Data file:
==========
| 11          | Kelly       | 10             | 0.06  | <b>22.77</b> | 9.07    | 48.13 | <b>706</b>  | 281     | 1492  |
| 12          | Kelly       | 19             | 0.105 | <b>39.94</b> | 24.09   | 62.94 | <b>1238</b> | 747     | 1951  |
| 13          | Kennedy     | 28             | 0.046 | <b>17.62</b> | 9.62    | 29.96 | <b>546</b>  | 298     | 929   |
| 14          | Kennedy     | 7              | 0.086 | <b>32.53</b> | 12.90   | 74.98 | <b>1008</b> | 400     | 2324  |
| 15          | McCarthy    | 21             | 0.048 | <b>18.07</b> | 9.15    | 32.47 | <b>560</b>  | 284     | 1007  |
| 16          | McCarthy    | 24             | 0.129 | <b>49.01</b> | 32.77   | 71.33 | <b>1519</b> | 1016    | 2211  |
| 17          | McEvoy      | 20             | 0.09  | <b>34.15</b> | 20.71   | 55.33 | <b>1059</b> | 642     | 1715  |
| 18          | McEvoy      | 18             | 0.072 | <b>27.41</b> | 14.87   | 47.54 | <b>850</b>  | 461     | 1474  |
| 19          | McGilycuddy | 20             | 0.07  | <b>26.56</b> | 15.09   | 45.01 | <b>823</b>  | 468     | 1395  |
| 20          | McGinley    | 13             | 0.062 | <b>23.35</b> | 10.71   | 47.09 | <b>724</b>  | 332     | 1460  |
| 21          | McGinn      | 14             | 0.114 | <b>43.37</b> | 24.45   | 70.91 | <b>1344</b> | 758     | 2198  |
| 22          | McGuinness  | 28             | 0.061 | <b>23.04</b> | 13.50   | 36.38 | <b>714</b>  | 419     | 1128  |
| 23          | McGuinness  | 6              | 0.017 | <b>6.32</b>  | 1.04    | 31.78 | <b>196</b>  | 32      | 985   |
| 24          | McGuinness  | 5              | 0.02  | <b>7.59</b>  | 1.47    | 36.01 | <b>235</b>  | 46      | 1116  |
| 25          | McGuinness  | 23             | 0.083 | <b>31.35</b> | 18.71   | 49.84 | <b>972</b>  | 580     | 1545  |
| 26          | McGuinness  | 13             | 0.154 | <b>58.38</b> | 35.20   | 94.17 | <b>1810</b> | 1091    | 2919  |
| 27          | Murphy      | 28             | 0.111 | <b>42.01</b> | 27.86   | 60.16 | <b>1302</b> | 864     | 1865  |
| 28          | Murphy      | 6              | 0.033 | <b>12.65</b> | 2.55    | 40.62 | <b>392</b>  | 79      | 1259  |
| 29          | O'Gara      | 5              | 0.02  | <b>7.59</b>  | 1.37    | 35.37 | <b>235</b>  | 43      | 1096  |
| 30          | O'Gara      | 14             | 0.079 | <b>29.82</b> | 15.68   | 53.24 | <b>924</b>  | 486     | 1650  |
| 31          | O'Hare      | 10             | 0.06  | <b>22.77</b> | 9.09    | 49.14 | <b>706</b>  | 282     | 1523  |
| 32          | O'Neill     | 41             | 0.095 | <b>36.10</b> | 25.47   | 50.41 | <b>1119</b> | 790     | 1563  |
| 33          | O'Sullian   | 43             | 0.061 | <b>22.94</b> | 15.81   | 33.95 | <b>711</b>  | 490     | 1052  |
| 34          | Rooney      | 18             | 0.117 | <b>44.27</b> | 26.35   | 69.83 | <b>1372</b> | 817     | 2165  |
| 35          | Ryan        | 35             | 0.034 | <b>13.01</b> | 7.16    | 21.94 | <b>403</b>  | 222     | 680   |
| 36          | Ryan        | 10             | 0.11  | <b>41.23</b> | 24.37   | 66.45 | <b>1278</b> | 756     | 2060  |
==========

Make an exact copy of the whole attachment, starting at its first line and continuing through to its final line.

| 11          | Kelly       | 10             | 0.06  | <b>22.77</b> | 9.07    | 48.13 | <b>706</b>  | 281     | 1492  |
| 12          | Kelly       | 19             | 0.105 | <b>39.94</b> | 24.09   | 62.94 | <b>1238</b> | 747     | 1951  |
| 13          | Kennedy     | 28             | 0.046 | <b>17.62</b> | 9.62    | 29.96 | <b>546</b>  | 298     | 929   |
| 14          | Kennedy     | 7              | 0.086 | <b>32.53</b> | 12.90   | 74.98 | <b>1008</b> | 400     | 2324  |
| 15          | McCarthy    | 21             | 0.048 | <b>18.07</b> | 9.15    | 32.47 | <b>560</b>  | 284     | 1007  |
| 16          | McCarthy    | 24             | 0.129 | <b>49.01</b> | 32.77   | 71.33 | <b>1519</b> | 1016    | 2211  |
| 17          | McEvoy      | 20             | 0.09  | <b>34.15</b> | 20.71   | 55.33 | <b>1059</b> | 642     | 1715  |
| 18          | McEvoy      | 18             | 0.072 | <b>27.41</b> | 14.87   | 47.54 | <b>850</b>  | 461     | 1474  |
| 19          | McGilycuddy | 20             | 0.07  | <b>26.56</b> | 15.09   | 45.01 | <b>823</b>  | 468     | 1395  |
| 20          | McGinley    | 13             | 0.062 | <b>23.35</b> | 10.71   | 47.09 | <b>724</b>  | 332     | 1460  |
| 21          | McGinn      | 14             | 0.114 | <b>43.37</b> | 24.45   | 70.91 | <b>1344</b> | 758     | 2198  |
| 22          | McGuinness  | 28             | 0.061 | <b>23.04</b> | 13.50   | 36.38 | <b>714</b>  | 419     | 1128  |
| 23          | McGuinness  | 6              | 0.017 | <b>6.32</b>  | 1.04    | 31.78 | <b>196</b>  | 32      | 985   |
| 24          | McGuinness  | 5              | 0.02  | <b>7.59</b>  | 1.47    | 36.01 | <b>235</b>  | 46      | 1116  |
| 25          | McGuinness  | 23             | 0.083 | <b>31.35</b> | 18.71   | 49.84 | <b>972</b>  | 580     | 1545  |
| 26          | McGuinness  | 13             | 0.154 | <b>58.38</b> | 35.20   | 94.17 | <b>1810</b> | 1091    | 2919  |
| 27          | Murphy      | 28             | 0.111 | <b>42.01</b> | 27.86   | 60.16 | <b>1302</b> | 864     | 1865  |
| 28          | Murphy      | 6              | 0.033 | <b>12.65</b> | 2.55    | 40.62 | <b>392</b>  | 79      | 1259  |
| 29          | O'Gara      | 5              | 0.02  | <b>7.59</b>  | 1.37    | 35.37 | <b>235</b>  | 43      | 1096  |
| 30          | O'Gara      | 14             | 0.079 | <b>29.82</b> | 15.68   | 53.24 | <b>924</b>  | 486     | 1650  |
| 31          | O'Hare      | 10             | 0.06  | <b>22.77</b> | 9.09    | 49.14 | <b>706</b>  | 282     | 1523  |
| 32          | O'Neill     | 41             | 0.095 | <b>36.10</b> | 25.47   | 50.41 | <b>1119</b> | 790     | 1563  |
| 33          | O'Sullian   | 43             | 0.061 | <b>22.94</b> | 15.81   | 33.95 | <b>711</b>  | 490     | 1052  |
| 34          | Rooney      | 18             | 0.117 | <b>44.27</b> | 26.35   | 69.83 | <b>1372</b> | 817     | 2165  |
| 35          | Ryan        | 35             | 0.034 | <b>13.01</b> | 7.16    | 21.94 | <b>403</b>  | 222     | 680   |
| 36          | Ryan        | 10             | 0.11  | <b>41.23</b> | 24.37   | 66.45 | <b>1278</b> | 756     | 2060  |